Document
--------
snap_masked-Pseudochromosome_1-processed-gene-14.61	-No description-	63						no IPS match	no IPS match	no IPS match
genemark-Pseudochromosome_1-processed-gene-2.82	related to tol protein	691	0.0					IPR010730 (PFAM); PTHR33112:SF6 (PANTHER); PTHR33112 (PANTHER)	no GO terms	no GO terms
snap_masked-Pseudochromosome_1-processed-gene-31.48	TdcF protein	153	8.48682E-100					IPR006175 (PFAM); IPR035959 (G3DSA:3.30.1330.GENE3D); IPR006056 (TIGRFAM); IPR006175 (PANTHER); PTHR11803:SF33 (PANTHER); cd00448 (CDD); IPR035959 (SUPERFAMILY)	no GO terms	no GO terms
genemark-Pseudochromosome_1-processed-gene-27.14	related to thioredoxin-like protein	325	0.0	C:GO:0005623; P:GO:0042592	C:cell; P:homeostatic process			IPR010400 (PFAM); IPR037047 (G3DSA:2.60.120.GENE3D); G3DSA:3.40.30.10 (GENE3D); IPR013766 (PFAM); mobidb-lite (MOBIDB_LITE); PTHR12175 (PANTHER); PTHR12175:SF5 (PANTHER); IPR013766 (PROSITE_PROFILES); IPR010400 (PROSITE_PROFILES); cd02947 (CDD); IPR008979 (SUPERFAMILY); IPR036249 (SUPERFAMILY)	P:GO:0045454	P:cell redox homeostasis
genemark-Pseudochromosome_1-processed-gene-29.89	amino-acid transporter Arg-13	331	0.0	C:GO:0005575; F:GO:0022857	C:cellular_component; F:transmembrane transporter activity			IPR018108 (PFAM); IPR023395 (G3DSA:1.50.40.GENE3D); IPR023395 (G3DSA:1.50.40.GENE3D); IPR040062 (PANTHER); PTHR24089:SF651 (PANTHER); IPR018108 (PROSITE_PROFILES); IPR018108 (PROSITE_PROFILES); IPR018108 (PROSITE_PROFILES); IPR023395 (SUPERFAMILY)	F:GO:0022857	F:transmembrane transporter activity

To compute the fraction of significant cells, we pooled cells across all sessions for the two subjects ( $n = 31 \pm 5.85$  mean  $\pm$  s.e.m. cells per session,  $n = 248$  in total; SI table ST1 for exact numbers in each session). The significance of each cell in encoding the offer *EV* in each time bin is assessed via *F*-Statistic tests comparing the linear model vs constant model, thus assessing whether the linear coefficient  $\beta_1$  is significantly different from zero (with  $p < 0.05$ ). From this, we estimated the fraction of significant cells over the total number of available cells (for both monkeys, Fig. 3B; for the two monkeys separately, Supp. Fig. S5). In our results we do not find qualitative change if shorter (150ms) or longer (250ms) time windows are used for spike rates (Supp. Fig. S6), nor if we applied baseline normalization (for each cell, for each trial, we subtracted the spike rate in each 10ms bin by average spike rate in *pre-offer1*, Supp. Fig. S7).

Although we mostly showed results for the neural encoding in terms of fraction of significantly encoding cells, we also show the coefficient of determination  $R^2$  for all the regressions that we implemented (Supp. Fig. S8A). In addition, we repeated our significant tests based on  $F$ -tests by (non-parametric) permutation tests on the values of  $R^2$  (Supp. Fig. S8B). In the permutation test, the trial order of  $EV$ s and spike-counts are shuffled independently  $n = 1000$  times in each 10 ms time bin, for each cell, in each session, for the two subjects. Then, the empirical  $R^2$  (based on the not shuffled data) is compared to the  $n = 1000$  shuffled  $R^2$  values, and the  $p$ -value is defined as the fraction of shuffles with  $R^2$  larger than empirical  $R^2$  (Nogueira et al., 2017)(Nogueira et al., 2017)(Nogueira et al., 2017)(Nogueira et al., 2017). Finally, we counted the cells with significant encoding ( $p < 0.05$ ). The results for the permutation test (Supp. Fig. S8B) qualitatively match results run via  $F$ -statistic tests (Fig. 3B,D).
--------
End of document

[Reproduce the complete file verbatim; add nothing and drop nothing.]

snap_masked-Pseudochromosome_1-processed-gene-14.61	-No description-	63						no IPS match	no IPS match	no IPS match
genemark-Pseudochromosome_1-processed-gene-2.82	related to tol protein	691	0.0					IPR010730 (PFAM); PTHR33112:SF6 (PANTHER); PTHR33112 (PANTHER)	no GO terms	no GO terms
snap_masked-Pseudochromosome_1-processed-gene-31.48	TdcF protein	153	8.48682E-100					IPR006175 (PFAM); IPR035959 (G3DSA:3.30.1330.GENE3D); IPR006056 (TIGRFAM); IPR006175 (PANTHER); PTHR11803:SF33 (PANTHER); cd00448 (CDD); IPR035959 (SUPERFAMILY)	no GO terms	no GO terms
genemark-Pseudochromosome_1-processed-gene-27.14	related to thioredoxin-like protein	325	0.0	C:GO:0005623; P:GO:0042592	C:cell; P:homeostatic process			IPR010400 (PFAM); IPR037047 (G3DSA:2.60.120.GENE3D); G3DSA:3.40.30.10 (GENE3D); IPR013766 (PFAM); mobidb-lite (MOBIDB_LITE); PTHR12175 (PANTHER); PTHR12175:SF5 (PANTHER); IPR013766 (PROSITE_PROFILES); IPR010400 (PROSITE_PROFILES); cd02947 (CDD); IPR008979 (SUPERFAMILY); IPR036249 (SUPERFAMILY)	P:GO:0045454	P:cell redox homeostasis
genemark-Pseudochromosome_1-processed-gene-29.89	amino-acid transporter Arg-13	331	0.0	C:GO:0005575; F:GO:0022857	C:cellular_component; F:transmembrane transporter activity			IPR018108 (PFAM); IPR023395 (G3DSA:1.50.40.GENE3D); IPR023395 (G3DSA:1.50.40.GENE3D); IPR040062 (PANTHER); PTHR24089:SF651 (PANTHER); IPR018108 (PROSITE_PROFILES); IPR018108 (PROSITE_PROFILES); IPR018108 (PROSITE_PROFILES); IPR023395 (SUPERFAMILY)	F:GO:0022857	F:transmembrane transporter activity

To compute the fraction of significant cells, we pooled cells across all sessions for the two subjects ( $n = 31 \pm 5.85$  mean  $\pm$  s.e.m. cells per session,  $n = 248$  in total; SI table ST1 for exact numbers in each session). The significance of each cell in encoding the offer *EV* in each time bin is assessed via *F*-Statistic tests comparing the linear model vs constant model, thus assessing whether the linear coefficient  $\beta_1$  is significantly different from zero (with  $p < 0.05$ ). From this, we estimated the fraction of significant cells over the total number of available cells (for both monkeys, Fig. 3B; for the two monkeys separately, Supp. Fig. S5). In our results we do not find qualitative change if shorter (150ms) or longer (250ms) time windows are used for spike rates (Supp. Fig. S6), nor if we applied baseline normalization (for each cell, for each trial, we subtracted the spike rate in each 10ms bin by average spike rate in *pre-offer1*, Supp. Fig. S7).

Although we mostly showed results for the neural encoding in terms of fraction of significantly encoding cells, we also show the coefficient of determination  $R^2$  for all the regressions that we implemented (Supp. Fig. S8A). In addition, we repeated our significant tests based on  $F$ -tests by (non-parametric) permutation tests on the values of  $R^2$  (Supp. Fig. S8B). In the permutation test, the trial order of  $EV$ s and spike-counts are shuffled independently  $n = 1000$  times in each 10 ms time bin, for each cell, in each session, for the two subjects. Then, the empirical  $R^2$  (based on the not shuffled data) is compared to the  $n = 1000$  shuffled  $R^2$  values, and the  $p$ -value is defined as the fraction of shuffles with  $R^2$  larger than empirical  $R^2$  (Nogueira et al., 2017)(Nogueira et al., 2017)(Nogueira et al., 2017)(Nogueira et al., 2017). Finally, we counted the cells with significant encoding ( $p < 0.05$ ). The results for the permutation test (Supp. Fig. S8B) qualitatively match results run via  $F$ -statistic tests (Fig. 3B,D).